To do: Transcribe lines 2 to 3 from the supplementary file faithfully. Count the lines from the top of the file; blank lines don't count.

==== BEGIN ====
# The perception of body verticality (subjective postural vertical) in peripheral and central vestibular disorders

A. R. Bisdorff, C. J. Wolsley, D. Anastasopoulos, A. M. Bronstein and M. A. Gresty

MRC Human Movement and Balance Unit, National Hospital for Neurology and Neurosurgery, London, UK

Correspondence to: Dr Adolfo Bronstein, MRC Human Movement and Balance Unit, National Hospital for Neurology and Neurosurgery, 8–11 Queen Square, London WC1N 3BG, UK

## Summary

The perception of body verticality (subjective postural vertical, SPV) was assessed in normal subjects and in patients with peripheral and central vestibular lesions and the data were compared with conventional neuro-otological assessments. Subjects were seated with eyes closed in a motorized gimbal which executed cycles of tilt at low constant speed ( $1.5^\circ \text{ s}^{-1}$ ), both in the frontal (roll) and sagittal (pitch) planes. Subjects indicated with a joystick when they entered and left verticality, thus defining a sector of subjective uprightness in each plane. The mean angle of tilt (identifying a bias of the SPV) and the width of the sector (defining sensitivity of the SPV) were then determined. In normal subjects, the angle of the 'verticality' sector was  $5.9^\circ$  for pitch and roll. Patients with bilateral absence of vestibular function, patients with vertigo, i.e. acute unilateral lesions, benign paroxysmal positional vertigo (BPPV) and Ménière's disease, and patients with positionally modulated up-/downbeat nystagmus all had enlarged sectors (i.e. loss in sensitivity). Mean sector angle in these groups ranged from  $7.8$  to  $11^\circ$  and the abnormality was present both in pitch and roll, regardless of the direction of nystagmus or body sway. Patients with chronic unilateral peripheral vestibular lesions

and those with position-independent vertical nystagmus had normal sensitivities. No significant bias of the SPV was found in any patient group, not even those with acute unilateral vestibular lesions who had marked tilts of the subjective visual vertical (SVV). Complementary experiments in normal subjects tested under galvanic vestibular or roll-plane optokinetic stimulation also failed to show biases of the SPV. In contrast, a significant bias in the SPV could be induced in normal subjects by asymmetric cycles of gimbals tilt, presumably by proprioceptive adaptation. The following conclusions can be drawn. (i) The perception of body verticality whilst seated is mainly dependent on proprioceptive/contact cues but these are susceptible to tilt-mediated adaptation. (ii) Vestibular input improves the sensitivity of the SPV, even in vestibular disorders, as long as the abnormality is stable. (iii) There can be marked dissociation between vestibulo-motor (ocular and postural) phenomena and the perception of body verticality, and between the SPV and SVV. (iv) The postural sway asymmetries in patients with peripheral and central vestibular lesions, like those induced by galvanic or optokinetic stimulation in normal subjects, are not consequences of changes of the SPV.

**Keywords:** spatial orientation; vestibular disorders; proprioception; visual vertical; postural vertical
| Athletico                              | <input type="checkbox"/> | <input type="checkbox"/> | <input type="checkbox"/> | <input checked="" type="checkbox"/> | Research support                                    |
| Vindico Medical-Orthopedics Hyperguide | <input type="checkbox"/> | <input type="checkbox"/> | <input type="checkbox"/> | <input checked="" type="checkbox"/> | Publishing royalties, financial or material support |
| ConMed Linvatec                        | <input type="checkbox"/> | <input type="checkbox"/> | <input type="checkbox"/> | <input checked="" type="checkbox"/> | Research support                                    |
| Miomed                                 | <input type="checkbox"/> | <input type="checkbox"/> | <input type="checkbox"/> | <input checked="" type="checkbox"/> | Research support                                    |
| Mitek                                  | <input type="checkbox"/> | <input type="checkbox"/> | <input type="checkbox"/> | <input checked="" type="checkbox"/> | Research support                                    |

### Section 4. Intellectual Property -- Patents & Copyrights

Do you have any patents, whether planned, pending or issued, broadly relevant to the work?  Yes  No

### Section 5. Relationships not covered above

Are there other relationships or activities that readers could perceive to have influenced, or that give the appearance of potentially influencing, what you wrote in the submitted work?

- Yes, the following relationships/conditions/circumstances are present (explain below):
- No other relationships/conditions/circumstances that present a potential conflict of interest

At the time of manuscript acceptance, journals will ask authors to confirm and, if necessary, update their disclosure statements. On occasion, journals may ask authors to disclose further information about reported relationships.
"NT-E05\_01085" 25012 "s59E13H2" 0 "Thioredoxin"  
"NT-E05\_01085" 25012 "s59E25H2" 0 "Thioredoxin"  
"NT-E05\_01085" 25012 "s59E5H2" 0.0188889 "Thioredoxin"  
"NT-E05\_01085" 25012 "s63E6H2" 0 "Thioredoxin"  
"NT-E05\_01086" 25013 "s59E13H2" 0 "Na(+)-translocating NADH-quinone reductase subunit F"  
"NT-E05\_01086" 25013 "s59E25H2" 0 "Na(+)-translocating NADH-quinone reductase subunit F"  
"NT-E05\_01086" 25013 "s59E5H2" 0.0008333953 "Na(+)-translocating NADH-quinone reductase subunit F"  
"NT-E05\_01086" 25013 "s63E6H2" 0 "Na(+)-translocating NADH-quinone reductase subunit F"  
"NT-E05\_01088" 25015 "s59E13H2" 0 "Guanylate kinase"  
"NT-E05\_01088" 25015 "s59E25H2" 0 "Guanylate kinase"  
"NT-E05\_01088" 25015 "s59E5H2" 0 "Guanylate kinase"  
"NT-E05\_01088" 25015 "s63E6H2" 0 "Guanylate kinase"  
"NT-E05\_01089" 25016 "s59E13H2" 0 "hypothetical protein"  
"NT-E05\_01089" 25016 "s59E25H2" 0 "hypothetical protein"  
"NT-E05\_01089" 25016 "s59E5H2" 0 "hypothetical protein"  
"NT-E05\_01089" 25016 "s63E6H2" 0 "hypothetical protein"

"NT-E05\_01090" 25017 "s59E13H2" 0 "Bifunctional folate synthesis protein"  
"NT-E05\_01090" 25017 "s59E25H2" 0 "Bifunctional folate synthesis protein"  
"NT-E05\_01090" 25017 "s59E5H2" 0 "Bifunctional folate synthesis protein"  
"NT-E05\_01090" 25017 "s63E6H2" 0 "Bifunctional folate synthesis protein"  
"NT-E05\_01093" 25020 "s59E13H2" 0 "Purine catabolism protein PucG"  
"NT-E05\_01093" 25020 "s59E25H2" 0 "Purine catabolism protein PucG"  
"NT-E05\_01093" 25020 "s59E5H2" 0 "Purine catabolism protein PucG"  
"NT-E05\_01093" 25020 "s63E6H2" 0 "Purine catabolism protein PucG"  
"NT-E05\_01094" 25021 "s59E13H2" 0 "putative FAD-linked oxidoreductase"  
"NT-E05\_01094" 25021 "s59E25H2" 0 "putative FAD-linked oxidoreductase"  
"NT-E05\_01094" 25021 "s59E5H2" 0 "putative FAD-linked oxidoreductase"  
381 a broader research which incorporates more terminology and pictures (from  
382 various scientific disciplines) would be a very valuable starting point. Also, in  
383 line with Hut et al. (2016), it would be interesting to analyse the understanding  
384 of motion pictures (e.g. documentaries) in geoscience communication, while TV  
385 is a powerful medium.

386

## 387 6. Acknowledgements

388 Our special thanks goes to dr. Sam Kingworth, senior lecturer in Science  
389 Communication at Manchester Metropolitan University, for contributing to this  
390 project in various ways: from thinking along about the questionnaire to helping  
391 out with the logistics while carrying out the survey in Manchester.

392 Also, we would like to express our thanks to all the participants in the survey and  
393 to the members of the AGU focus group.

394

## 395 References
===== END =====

A. R. Bisdorff, C. J. Wolsley, D. Anastasopoulos, A. M. Bronstein and M. A. Gresty

MRC Human Movement and Balance Unit, National Hospital for Neurology and Neurosurgery, London, UK